Inigo S. Roces / Inigo S. Roces | April 17, 2012 13:28
Metrosexual and Still Macho
The Metrosexual wave seems to be sweeping the world these days. Macho no longer means what it used to. Gone is the era of hairy chests, beards and hiking boots, slowly being replaced by the dapper man who clean shaven, swaggering in his Gucci loafers. It’s no longer a strange sight to see a man enter a waxing salon, clear his chest of his once proud mane and go to a salon to style his hair and thread his brows.
Even SUV’s, the once proud symbol of masculinity, have become tamer over the years, foregoing tough-riding truck chasses for more comfortable and agile unibody construction — what we now call the crossover platform.
As such, it's no surprise that even the Dodge Durango has gone for a make-over. Many might remember it as the American SUV with the fascia of a semi-trailor tractor head and the smooth yet firm lines of traditional SUV's. It was known for its ability to carry eight passengers and tow heavy loads like camper trailers and speedboats.
Like the many other SUVs that have taken the metrosexual plunge, for the 2012 model year, the Durango has changed as well. It has adopted a crossover platform, smoothened out most of the rough edges and is far more manageable on road.
It’s new grille has been rounded out and slanted like a cliff-face, not unlike its retro-revived siblings, the Charger and Challenger. The muscle car image continues with its pairs of headlights that sit on either side of the grille. The bumper and lower intake are integrated into one and creep closer to the ground for a more urban bias.
Yet it hasn’t forgotten civility and subtlety as towards the sides, its once prominent wheel arches now blend more smoothly into the body. A waist forms on the sides as eyebrows over the wheel arches continue toward the center to form the shoulder line. Towards the back, the cabin slopes down gently like a station wagon. Tail lights stretch across the tailgate, while on the bottom, rocker panels creep up the bumper.
Inside, the interior has been greatly civilized. No more cliff face dashboards or play-dough rounded edges. Here, surfaces seem sculpted out of a single piece with instrumentation inlayed like jewels.
The vehicle will start with just a push of a button as the smart key is kept in the pocket. The steering adjusts for tilt and reach while seats are power adjusted with 2-slot memory function. Instruments on the driver’s side include the tach and speedo that are set deep with temp and fuel gauges at the bottom of each. In between them sits a multi-info display that reveals vital trip info like tire pressure, fuel consumption and range. The info displayed is controlled by buttons on the steering wheel with voice recognition functions already built-in. No right stalk sticking out beneath the steering wheel here. Just a single left stalk that integrates wiper and turn signal functions. Lights have been moved, American style, to the left of the wheel.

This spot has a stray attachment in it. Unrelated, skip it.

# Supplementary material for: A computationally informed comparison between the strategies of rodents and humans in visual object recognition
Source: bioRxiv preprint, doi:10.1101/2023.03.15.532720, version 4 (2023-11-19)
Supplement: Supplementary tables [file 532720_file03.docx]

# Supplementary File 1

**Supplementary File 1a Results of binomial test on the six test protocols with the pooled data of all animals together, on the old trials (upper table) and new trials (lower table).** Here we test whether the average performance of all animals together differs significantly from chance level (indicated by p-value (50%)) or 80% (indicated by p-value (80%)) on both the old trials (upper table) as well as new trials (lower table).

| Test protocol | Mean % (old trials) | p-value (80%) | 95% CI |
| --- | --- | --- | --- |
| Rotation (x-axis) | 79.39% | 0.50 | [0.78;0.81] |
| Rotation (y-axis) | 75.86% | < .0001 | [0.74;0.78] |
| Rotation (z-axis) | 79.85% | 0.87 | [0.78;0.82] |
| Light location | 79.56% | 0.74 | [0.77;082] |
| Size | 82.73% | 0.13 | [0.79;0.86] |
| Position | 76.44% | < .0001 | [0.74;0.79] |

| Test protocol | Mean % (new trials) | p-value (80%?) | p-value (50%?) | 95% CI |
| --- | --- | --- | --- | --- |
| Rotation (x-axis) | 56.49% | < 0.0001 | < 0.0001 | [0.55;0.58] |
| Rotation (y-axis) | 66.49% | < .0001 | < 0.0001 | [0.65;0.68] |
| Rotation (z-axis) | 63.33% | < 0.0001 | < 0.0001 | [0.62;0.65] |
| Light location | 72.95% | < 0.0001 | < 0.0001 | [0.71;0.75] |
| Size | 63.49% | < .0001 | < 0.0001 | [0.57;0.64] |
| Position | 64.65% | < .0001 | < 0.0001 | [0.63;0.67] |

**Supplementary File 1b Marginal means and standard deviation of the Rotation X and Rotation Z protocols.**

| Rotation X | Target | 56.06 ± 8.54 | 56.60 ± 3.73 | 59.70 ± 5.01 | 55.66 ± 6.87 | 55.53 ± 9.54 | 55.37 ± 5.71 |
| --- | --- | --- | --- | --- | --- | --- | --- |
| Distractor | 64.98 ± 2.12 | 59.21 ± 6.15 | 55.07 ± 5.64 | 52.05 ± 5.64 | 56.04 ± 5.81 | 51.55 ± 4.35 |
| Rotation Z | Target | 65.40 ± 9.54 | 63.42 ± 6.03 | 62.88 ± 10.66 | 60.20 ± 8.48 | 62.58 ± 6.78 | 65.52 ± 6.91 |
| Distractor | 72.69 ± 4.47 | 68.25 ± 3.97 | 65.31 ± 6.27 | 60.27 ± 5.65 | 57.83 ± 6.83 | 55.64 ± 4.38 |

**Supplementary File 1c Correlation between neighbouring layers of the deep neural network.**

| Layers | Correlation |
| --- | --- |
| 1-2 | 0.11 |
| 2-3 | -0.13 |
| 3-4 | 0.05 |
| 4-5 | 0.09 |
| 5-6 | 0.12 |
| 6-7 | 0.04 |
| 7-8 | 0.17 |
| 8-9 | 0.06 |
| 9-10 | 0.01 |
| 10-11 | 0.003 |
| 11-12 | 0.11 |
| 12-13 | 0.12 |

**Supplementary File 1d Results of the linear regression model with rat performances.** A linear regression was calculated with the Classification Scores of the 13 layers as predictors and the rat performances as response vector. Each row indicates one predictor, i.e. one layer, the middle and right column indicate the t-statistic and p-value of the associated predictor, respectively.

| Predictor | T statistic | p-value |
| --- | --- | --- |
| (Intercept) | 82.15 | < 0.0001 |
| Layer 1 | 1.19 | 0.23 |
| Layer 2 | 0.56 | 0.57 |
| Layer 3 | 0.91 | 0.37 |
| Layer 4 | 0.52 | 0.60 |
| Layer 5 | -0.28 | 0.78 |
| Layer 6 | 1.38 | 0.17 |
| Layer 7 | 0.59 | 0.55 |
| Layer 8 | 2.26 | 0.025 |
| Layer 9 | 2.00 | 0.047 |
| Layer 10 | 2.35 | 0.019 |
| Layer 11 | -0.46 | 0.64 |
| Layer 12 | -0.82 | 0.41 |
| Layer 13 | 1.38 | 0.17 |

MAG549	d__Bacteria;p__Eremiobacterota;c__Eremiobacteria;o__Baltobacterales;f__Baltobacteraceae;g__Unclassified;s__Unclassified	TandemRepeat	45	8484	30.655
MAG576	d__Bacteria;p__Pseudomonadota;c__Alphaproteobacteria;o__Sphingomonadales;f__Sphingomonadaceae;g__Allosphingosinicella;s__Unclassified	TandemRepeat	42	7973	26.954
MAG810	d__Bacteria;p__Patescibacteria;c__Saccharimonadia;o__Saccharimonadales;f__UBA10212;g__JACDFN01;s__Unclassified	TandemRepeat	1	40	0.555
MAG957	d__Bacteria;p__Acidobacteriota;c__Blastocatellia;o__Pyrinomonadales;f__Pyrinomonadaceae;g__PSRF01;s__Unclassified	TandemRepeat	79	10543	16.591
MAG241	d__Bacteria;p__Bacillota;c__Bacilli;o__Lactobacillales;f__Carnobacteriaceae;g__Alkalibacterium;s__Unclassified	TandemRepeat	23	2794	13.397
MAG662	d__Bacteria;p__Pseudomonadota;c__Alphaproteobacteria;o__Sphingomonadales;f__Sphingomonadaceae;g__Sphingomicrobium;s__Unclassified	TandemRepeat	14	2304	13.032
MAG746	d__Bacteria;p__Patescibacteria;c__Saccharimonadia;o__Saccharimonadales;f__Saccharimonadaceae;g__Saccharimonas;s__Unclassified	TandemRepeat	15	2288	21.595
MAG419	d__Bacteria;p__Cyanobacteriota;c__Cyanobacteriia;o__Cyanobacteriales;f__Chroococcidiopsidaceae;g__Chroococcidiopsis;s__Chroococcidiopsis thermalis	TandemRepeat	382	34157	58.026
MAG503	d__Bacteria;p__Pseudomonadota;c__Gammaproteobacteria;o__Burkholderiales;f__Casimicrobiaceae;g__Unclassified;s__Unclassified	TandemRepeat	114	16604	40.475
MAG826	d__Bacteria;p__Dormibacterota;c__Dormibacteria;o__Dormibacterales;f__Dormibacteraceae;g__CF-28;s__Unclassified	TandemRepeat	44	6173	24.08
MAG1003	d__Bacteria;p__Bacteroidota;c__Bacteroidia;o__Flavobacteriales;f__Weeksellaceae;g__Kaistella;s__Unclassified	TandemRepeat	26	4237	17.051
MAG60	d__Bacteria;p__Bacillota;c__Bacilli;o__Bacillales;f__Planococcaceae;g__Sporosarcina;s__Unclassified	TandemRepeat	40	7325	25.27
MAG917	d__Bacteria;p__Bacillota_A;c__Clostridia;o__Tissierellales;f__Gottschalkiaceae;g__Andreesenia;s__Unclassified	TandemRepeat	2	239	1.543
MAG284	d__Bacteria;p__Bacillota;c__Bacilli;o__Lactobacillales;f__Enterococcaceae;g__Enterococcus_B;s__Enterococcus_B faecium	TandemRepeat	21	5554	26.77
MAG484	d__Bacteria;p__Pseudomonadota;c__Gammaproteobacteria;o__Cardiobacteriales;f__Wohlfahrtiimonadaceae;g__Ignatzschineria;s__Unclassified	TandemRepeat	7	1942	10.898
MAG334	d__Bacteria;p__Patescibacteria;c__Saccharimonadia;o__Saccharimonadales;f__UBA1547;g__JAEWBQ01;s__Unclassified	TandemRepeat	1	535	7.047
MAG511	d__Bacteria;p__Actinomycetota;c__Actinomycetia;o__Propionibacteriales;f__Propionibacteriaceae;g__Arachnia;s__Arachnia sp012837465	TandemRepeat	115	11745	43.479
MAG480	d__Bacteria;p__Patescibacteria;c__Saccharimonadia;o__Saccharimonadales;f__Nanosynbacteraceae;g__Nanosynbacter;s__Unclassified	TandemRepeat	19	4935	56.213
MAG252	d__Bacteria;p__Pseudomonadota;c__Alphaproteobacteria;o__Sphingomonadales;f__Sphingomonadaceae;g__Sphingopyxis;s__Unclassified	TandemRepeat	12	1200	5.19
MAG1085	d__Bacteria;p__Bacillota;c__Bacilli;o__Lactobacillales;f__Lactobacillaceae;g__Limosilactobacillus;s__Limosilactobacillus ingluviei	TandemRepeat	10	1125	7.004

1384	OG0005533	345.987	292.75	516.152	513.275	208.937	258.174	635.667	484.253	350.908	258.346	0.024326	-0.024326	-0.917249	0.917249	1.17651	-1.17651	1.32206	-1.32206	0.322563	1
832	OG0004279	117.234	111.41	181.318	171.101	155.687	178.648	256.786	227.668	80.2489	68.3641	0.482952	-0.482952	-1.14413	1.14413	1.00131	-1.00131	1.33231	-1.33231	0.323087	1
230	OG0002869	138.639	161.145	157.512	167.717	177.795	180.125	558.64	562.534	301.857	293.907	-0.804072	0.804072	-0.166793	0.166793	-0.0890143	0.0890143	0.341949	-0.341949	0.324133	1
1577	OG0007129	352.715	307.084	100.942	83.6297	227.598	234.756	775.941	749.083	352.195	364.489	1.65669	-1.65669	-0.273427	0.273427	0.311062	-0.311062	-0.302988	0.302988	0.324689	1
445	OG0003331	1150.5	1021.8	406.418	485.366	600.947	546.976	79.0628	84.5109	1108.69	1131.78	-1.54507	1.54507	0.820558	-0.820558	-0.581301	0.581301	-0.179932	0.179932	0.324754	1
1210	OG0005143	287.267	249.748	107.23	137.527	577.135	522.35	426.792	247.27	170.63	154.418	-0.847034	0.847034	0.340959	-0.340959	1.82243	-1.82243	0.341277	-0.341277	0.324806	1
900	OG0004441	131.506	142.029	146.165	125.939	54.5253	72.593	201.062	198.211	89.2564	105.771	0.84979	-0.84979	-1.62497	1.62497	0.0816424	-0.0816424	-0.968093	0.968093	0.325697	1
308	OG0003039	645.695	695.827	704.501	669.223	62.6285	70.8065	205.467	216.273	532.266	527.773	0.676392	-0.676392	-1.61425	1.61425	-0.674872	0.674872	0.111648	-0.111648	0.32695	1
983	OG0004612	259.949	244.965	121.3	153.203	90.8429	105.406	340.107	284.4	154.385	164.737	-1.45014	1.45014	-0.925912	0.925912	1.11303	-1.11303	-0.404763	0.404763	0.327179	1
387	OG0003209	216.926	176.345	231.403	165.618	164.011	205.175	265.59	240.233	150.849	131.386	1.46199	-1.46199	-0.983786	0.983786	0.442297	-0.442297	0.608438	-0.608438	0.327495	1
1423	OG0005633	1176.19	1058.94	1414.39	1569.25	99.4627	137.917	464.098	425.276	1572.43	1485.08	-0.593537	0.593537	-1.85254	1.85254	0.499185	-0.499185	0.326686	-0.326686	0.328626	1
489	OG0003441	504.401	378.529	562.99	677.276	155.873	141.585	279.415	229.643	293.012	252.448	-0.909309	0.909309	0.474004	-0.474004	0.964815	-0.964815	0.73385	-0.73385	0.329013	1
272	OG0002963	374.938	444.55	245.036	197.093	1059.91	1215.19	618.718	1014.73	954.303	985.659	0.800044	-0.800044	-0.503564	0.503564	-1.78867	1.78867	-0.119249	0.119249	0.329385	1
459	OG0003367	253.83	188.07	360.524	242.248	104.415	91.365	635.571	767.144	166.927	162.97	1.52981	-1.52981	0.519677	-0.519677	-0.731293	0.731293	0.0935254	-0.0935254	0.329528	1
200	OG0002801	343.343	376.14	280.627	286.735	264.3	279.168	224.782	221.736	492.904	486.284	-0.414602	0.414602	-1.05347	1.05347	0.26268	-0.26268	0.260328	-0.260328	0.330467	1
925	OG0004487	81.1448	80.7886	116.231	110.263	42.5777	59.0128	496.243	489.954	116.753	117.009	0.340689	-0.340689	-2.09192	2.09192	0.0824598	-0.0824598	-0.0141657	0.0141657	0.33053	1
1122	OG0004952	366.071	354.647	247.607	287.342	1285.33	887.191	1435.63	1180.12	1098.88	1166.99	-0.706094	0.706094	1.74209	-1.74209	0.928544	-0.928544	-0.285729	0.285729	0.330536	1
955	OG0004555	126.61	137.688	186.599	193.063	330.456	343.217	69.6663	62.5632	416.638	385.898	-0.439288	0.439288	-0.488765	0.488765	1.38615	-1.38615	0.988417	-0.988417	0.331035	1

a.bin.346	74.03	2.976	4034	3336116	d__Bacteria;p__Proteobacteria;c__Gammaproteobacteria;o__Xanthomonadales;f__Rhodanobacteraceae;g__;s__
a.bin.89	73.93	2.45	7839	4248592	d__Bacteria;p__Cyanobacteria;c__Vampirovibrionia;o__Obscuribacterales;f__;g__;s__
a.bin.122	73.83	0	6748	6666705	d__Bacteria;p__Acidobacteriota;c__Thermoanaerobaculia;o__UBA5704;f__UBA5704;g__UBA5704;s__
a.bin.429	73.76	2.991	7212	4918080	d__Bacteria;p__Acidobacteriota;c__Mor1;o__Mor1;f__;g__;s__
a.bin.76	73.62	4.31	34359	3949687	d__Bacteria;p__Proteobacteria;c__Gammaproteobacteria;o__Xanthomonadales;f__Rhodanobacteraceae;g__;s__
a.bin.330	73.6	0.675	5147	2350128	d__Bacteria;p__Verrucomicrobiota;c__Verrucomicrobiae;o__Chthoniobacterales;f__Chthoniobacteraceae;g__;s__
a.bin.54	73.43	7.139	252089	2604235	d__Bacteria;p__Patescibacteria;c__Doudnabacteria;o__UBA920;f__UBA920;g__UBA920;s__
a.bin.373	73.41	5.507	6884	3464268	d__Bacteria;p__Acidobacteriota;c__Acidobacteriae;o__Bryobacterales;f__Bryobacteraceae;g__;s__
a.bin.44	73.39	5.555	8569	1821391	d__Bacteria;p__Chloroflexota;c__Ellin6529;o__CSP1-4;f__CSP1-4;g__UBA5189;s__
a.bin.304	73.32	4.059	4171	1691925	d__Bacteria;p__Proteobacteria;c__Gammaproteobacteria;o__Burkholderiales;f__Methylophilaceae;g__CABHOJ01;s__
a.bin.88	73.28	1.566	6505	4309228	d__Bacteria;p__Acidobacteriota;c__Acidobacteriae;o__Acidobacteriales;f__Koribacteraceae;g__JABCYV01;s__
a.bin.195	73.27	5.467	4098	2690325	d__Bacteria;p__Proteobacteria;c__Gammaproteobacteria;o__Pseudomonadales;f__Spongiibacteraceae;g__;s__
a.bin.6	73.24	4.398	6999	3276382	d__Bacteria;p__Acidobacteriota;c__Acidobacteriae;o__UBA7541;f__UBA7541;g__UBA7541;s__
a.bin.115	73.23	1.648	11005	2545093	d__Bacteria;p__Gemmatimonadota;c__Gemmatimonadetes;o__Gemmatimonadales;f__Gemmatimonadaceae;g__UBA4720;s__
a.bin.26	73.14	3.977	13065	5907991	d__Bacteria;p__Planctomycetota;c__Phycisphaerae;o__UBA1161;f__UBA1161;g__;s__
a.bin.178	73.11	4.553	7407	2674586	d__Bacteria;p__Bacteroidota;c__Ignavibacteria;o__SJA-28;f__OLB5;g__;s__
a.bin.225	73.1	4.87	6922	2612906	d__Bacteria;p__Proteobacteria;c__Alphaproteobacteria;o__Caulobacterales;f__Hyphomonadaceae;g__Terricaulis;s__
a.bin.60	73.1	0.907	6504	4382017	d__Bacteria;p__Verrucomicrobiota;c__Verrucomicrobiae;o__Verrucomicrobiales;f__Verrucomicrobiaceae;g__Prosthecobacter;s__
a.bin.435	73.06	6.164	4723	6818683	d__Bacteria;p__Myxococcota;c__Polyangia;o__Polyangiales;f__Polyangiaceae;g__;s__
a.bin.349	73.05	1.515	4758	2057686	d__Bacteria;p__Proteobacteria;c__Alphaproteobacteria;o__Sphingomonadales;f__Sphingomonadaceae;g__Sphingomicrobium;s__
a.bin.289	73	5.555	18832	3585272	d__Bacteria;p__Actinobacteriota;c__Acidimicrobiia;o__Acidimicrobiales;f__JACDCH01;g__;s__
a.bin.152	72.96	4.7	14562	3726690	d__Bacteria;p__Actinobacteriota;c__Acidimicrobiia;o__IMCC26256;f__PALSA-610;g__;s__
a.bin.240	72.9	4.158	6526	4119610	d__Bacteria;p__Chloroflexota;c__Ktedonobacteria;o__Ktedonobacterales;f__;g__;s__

Over in the center stack is the in-car entertainment which features a large touch-screen LCD. Like all the other vehicles in the Chrysler stable, it has an on-board hard drive that can store multi-media while also supporting connectivity with mobile phones and MP3 players. Lower on the stack is the climate control that features dual zones. At the very bottom are more storage spaces, a power outlet and the cupholders.
Passengers in the second row should be able to get comfortable easily. Behind them, seats rise from the flat row to form the third row. Despite being stowable, these seats still come with their own armrests and cupholders.
The cargo area behind features functional extras like a cargo cover that will work with 3rd row seats up or stowed. A built in flash light makes it easy to find items while a jack and even more storage space is cleverly hidden underneath the cargo floor. Finally, over in the roof are crossbars for cargo that are cleverly concealed as roof rails.
Yet don’t think for a moment that this has toned down the Durango’s driving character. Its size is certainly evident whether from the chunky pillars or the sheer mass of the vehicle felt from the wheel and pedals. It picks up speed quickly and certain doesn’t argue when you want to turn. The 3.6 liter Pentastar V6 with a 5-speed auto delivers power to the rear wheels smoothly. The ride is coddlingly soft and the quiet of the cabin could put a baby to sleep. In spite of the comfort, the Durango feels as stable as a mountain goat no matter the road surface. Its fuel consumption has also improved, returning some 7 km/L in the city and 10km/L on the highway. Finally, parking is hardly a chore with the rear mounted camera displaying the view behind on the center LCD.
Taking it all in, it seems the metrosexual treatment has done the Durango a lot of good. It’s far easier to drive, has an interior you’d never want to leave and comes with all these clever touches that make urban or rural adventures much more enjoyable. Yet through it all, it’s managed to maintain its machismo with styling that nods to the muscle car era and a driving feel that is still powerful and reassuring.